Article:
Sandy Lake Amusement Park announces that it is closing permanently
Sandy Lake Amusement Park, a popular Dallas-Fort Worth attraction for nearly 50 years and home of the annual FunFest music competition, announced yesterday that it is closing for good.
The announcement, made on the park’s Facebook page, said that the owners have sold the property “after 48 successful years.”
The post didn’t go into details about the sale, but owners said the park was bought by a nearby landscaping company, Southwest Wholesale Nursery, for an undisclosed sum.
“We’ve had 48 successful years,” said former co-owner Frank Rush.
“Things change. Nolan Ryan quit pitching baseball at one time. And we’re going out on top,” he said.
He said he and the other owners were glad to sell to Southwest, which won’t bulldoze the land and build on it, like previous potential buyers had proposed.
Rush, like the other co-owners, lives on the property and says Southwest is allowing them to continue living there for another year as they sell off rides, picnic tables and other property of the park.
The former owners noted on Facebook that while the park’s history dates to the 1930s as a swimming attraction, it wasn’t until 1971 that Sandy Lake blossomed into a true amusement park featuring rides, miniature golf, an arcade, paddle boats and annual events.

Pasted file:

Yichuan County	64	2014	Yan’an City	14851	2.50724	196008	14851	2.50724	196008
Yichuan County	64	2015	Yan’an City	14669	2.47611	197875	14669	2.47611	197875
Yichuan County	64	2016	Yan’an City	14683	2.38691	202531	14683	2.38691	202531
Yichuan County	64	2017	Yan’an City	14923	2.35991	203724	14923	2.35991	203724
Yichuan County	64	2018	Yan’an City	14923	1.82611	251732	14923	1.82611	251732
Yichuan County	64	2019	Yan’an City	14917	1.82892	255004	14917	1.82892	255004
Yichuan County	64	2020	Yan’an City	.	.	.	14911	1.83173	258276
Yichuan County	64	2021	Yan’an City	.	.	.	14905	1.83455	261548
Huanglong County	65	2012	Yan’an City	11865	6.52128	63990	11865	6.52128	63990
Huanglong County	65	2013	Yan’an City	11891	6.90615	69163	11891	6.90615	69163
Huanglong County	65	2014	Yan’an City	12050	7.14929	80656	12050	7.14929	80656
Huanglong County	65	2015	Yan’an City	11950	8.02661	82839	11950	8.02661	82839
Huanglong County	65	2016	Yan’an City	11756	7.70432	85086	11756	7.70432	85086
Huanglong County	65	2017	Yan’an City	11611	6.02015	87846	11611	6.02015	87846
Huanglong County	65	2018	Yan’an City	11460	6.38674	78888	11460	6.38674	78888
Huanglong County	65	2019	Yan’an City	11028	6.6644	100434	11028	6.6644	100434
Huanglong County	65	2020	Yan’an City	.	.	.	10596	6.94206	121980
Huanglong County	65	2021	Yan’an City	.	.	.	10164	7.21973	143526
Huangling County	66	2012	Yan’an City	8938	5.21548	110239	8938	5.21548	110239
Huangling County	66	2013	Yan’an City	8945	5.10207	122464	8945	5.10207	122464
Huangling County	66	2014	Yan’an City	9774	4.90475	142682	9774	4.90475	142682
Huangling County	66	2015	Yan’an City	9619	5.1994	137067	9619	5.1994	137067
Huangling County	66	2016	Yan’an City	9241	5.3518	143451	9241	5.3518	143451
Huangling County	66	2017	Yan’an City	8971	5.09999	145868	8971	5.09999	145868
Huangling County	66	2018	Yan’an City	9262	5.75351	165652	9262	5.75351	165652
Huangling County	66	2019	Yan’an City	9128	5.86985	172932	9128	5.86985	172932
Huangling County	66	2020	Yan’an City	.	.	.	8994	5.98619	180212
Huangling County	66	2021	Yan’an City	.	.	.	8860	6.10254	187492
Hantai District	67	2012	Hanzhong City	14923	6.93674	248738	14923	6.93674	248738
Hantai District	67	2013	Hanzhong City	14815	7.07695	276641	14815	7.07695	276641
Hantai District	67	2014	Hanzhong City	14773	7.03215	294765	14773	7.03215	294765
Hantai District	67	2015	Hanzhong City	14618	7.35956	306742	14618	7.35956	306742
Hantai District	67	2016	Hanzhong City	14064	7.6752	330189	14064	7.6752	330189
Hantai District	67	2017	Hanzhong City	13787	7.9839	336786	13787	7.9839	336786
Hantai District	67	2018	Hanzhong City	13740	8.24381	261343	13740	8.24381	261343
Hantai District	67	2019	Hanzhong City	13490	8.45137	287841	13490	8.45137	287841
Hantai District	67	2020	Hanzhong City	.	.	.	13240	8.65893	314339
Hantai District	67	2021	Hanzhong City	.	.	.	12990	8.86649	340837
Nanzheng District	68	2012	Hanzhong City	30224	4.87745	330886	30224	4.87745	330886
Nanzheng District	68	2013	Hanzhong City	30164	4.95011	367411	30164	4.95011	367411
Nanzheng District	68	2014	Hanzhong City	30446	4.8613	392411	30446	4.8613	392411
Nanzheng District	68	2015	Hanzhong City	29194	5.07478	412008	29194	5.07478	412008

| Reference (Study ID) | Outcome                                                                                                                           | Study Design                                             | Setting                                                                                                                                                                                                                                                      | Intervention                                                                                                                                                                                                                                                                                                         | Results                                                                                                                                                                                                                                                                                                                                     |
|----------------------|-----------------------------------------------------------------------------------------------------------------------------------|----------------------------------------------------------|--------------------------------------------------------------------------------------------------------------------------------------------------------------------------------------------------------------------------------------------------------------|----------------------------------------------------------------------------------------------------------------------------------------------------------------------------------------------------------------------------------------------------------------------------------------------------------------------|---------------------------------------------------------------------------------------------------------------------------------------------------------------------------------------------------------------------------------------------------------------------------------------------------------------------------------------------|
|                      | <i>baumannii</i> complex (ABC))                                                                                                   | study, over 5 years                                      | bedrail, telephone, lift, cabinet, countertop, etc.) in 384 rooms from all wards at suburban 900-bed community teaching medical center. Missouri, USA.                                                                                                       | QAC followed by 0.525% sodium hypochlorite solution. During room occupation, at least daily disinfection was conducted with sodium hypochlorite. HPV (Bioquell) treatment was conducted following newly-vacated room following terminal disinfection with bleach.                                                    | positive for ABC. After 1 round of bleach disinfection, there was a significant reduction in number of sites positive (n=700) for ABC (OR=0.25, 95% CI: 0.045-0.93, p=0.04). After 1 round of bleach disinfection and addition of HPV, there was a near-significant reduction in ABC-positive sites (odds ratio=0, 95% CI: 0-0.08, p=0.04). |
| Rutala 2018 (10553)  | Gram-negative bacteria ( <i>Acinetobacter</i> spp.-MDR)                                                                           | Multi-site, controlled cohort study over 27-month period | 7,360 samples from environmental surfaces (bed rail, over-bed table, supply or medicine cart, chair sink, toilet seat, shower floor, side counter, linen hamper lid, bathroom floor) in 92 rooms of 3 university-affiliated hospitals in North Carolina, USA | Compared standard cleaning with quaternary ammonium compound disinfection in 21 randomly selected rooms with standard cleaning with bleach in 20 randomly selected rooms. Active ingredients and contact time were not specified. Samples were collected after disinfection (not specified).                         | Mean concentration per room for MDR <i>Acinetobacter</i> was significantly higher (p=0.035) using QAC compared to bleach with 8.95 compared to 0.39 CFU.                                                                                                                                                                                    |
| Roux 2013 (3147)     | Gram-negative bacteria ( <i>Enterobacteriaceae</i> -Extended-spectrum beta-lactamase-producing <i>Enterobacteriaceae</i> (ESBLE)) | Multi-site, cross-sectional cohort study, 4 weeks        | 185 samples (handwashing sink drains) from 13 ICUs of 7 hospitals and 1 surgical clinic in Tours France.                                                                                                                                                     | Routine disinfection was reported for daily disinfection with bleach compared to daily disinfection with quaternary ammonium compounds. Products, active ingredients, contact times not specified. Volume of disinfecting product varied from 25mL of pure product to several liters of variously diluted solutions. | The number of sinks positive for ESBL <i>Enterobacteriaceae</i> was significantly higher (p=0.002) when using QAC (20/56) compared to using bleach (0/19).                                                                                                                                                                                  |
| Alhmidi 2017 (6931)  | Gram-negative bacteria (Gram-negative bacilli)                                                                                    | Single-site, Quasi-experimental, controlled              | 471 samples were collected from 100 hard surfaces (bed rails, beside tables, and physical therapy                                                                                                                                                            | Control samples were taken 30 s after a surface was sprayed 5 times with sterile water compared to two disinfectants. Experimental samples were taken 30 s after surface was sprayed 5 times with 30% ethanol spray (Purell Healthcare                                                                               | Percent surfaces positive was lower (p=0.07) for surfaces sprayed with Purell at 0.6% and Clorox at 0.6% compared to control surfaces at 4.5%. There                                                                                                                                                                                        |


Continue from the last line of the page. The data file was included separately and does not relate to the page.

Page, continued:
One such annual event was the FunFest competition for school bands. The park reported that more than 65,000 students were entertained at this year’s competition.
“At this time I do not have any plans to continue Funfest,” another former co-owner, Suzy Self, said via email. “However, you never know what the future holds in store.”
Self said it makes her smile to know so many kids had the experience of competing at FunFest, which she organized.
“We felt like we gave thousands of students the opportunity to display their musical talents,” she said.
“For years, I would wear my Sandy Lake hat into a restaurant and a waiter would tell me, ‘I was at that music thing,’” Rush said.
The park, which operated seasonally and charged $2 for general admission until the day it closed, said it also hosted thousands of company picnics, reunions and birthday parties over the years, along with giving thousands of teenagers their first jobs.
“If the park’s legacy is leaving most people with golden memories or pleasant thoughts, then the park has done its job,” the post reads.